For me, it’s a great release of energy. You know that feeling when you hear a great song and you are like, “oh shit, that’s my song” and you just have to dance? Twerk is the release of that feeling, the release of stress, of negative energy, to make you feel good. To me it’s about celebrating my body and my mood and when I feel like twerking, I can with ease and I love that.
- Out of all the dance moves from your two videos, which is your favourite?
I love being able to do the splits and pop it while in the splits. That or the actual booty clapping twerk, which is something I love to do even when I’m just cooking or something.
- Do you think that SKILLS when one twerks is unrecognised or recognised plenty?
I think the skills are recognized by some, but not enough. A lot of people just call it dirty dancing or ratchet or a ghetto mess. They don’t realize the kind of muscle control twerking requires, the kind of rhythm and ear for music one must have, and it also takes endurance. Twerking is a physical activity, it requires some muscle movement and control and so you are moving and working. It seems a lot of people have a hard time seeing it as something that takes effort and is a physical workout.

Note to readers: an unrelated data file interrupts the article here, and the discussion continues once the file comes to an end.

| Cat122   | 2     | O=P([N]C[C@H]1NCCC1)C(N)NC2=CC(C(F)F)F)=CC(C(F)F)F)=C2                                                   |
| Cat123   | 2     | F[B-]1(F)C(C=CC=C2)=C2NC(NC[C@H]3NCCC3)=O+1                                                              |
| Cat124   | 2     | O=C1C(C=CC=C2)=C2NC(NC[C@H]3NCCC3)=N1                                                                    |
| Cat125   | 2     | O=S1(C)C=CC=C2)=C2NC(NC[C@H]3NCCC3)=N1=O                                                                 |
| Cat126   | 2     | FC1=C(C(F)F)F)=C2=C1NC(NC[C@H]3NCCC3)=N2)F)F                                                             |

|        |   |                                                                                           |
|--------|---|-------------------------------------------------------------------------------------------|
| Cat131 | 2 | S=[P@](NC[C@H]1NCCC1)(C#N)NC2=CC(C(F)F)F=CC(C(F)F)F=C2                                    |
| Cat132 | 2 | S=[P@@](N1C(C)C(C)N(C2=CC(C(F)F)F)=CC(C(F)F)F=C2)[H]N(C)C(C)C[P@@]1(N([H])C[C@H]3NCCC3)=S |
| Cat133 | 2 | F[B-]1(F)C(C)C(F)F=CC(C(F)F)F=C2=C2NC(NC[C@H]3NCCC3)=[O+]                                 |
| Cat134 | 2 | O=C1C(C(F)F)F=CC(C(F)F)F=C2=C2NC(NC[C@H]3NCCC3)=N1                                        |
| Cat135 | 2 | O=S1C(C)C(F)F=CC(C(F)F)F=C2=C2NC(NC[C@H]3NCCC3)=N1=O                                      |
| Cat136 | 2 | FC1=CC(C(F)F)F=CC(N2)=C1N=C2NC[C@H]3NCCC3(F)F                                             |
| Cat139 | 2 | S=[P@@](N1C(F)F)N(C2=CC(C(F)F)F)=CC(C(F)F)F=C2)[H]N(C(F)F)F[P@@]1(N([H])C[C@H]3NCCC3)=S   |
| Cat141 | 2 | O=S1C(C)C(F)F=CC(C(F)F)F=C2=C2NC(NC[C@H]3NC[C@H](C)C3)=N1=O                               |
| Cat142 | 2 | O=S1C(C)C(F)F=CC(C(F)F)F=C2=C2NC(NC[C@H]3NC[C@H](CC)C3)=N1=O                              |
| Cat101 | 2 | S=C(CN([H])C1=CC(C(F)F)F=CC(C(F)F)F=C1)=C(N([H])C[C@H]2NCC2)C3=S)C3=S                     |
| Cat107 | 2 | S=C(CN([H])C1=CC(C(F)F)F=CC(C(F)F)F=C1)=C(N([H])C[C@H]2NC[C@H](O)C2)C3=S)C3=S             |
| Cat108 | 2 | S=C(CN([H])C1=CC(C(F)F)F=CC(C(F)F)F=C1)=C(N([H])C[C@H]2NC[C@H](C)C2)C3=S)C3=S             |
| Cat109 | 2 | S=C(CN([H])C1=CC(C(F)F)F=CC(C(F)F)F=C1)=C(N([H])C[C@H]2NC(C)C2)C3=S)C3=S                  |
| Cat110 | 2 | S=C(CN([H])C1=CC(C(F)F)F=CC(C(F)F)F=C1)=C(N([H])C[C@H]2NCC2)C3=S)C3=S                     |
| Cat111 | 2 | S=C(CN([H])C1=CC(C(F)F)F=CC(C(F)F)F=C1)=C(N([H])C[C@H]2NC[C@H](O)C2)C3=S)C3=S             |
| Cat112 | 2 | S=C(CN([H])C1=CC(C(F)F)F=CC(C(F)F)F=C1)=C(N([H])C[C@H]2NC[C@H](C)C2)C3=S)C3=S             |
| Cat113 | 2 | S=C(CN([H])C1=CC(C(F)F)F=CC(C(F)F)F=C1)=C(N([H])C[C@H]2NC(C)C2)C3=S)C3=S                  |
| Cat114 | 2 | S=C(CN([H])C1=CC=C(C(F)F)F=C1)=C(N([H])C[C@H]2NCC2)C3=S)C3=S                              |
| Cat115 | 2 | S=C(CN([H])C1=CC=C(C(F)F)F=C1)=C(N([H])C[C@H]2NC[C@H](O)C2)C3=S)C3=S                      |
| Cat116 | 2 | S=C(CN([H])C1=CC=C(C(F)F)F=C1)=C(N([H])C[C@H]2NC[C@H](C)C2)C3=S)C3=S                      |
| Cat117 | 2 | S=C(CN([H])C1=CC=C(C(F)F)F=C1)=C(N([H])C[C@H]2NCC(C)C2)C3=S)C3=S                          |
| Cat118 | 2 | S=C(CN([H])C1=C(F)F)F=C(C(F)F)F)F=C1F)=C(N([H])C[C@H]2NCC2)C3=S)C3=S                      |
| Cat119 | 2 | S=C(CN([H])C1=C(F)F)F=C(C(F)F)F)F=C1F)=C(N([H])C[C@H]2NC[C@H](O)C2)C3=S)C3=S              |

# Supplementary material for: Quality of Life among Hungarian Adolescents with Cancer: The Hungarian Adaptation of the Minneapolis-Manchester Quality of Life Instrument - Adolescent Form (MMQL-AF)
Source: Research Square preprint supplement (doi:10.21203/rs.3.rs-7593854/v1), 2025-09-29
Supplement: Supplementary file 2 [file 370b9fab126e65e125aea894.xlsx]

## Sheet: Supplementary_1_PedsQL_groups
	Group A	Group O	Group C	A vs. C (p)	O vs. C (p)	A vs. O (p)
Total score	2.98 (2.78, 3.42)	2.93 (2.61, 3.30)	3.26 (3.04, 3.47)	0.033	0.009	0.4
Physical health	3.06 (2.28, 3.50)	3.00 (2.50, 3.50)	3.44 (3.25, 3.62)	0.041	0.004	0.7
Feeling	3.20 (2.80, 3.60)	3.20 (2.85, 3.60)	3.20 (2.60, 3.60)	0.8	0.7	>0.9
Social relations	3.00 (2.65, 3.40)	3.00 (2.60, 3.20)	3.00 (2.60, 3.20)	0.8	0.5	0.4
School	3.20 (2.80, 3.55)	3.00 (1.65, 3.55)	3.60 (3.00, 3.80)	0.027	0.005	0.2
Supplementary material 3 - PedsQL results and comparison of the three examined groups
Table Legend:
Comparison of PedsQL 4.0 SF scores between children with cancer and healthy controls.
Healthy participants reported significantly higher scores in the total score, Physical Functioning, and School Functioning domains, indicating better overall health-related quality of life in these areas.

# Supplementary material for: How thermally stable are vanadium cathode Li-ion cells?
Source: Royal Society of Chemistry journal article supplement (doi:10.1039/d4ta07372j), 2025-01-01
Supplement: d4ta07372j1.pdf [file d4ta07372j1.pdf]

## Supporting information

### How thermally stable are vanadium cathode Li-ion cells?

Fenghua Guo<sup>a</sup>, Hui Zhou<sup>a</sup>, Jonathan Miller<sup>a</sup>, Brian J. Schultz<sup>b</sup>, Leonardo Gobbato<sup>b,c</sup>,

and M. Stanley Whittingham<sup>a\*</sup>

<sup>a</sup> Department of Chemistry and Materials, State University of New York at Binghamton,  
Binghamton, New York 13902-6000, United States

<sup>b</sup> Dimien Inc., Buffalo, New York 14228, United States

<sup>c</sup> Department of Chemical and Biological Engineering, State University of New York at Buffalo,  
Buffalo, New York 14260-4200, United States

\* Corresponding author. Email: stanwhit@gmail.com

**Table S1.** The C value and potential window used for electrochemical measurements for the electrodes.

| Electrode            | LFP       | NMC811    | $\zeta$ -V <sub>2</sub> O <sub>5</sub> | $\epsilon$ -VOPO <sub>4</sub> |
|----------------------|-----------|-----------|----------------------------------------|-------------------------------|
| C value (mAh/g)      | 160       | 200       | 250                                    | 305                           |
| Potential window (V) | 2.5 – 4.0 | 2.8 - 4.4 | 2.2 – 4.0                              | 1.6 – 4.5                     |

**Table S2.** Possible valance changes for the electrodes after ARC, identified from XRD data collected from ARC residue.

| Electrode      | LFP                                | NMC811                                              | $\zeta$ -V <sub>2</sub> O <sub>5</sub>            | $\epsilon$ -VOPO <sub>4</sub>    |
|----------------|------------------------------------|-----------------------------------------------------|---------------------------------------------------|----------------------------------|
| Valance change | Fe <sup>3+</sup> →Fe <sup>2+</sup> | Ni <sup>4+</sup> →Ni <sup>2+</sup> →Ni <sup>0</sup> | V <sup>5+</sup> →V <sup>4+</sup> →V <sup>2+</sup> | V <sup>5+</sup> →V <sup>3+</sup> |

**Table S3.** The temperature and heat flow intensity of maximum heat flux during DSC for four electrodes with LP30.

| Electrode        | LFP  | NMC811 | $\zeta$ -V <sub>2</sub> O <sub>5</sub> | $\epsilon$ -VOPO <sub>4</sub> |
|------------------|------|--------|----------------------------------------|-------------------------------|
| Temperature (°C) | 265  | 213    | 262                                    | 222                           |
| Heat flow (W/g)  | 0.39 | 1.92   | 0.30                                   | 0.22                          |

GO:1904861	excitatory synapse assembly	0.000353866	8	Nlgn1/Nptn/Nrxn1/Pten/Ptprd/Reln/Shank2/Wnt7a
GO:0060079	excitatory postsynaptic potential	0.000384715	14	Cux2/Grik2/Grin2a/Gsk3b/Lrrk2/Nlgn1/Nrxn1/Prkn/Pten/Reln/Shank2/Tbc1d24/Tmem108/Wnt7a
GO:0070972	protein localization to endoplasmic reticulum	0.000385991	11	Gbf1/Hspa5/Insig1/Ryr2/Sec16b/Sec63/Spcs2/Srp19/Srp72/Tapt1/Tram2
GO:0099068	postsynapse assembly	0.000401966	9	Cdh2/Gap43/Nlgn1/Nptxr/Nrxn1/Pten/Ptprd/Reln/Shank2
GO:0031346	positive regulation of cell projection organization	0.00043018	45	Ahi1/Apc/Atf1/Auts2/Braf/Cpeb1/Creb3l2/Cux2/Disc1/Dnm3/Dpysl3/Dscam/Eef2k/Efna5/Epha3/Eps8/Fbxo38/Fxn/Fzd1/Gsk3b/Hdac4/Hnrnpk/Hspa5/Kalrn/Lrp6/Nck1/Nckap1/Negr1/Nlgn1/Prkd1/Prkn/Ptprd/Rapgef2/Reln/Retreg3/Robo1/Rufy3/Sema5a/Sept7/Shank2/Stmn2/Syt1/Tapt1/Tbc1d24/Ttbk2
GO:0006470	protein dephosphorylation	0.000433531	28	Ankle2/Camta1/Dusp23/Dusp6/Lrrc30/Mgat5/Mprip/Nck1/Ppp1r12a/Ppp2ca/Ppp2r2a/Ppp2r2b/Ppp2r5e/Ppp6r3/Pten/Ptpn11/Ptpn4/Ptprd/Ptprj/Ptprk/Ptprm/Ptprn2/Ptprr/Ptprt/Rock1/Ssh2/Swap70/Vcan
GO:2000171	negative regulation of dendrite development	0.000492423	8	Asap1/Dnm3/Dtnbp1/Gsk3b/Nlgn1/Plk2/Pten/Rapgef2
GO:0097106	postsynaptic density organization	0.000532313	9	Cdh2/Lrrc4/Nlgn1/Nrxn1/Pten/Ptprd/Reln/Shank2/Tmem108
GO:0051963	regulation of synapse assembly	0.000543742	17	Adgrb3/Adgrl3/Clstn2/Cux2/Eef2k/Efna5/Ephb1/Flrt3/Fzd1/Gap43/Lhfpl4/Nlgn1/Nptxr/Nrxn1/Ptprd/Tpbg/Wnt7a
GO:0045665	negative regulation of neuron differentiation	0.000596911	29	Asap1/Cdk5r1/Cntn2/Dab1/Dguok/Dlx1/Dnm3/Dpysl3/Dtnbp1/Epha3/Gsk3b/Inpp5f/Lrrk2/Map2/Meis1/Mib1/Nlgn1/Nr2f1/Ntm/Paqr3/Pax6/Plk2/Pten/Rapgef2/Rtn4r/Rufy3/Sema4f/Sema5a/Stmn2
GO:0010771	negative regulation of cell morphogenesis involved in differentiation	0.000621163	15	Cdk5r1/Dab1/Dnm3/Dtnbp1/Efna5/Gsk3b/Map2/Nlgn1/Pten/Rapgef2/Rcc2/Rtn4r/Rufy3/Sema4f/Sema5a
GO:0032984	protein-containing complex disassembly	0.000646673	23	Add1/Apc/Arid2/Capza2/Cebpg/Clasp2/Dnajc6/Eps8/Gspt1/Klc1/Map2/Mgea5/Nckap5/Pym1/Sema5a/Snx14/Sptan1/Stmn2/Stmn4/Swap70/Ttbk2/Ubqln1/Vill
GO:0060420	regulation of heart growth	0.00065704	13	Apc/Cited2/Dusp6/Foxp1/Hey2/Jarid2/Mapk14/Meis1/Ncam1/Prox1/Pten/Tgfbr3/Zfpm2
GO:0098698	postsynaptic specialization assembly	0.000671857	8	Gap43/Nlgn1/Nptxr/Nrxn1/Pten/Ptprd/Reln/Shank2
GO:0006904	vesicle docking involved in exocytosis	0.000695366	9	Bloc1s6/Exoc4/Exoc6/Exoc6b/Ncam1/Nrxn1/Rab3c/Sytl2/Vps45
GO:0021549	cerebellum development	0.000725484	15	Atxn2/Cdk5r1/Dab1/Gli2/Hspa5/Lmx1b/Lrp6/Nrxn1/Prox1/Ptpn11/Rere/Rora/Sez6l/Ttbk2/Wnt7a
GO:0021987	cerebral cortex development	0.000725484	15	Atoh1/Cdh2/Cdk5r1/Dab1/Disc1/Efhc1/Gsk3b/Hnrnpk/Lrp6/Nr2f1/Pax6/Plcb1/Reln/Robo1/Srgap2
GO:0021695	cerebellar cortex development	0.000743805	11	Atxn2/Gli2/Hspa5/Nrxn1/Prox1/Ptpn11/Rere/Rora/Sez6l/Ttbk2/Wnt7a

World Star Hip Hop
- Were you asked if your video could be uploaded on to World Star Hip Hop?
No, I was not asked. I was not asked by anyone and no one ever received my permission to submit the video to that website. Someone on my YouTube channel informed me they submitted it for me, as if they did me a service.
- How do you feel about the context of how your video featured on World Star Hip Hop?
I do not like it. World Star Hip Hop is a terrible website. They do not respect Black women at all. The title dissed my butt and acted as if twerking for liberation was impossible. It seems they were too simple to even understand the general message I left in the beginning. Now, if someone had messaged me and said that my video was featured on a website and talked about the ways we don’t want to see mothers as sexually autonomous beings or how the art of dance really can be liberating or fulfilling, especially for women of color, I wouldn’t mind. But the website wanted to degrade me and judging by their messages to my complaints of their misuse of my video, they also hoped the degradation I received by their site goers would compel me to take my video down. It was an attempt to shame someone they have read as a Black woman for not falling into the “respectable” mold of womanhood. I do not appreciate that.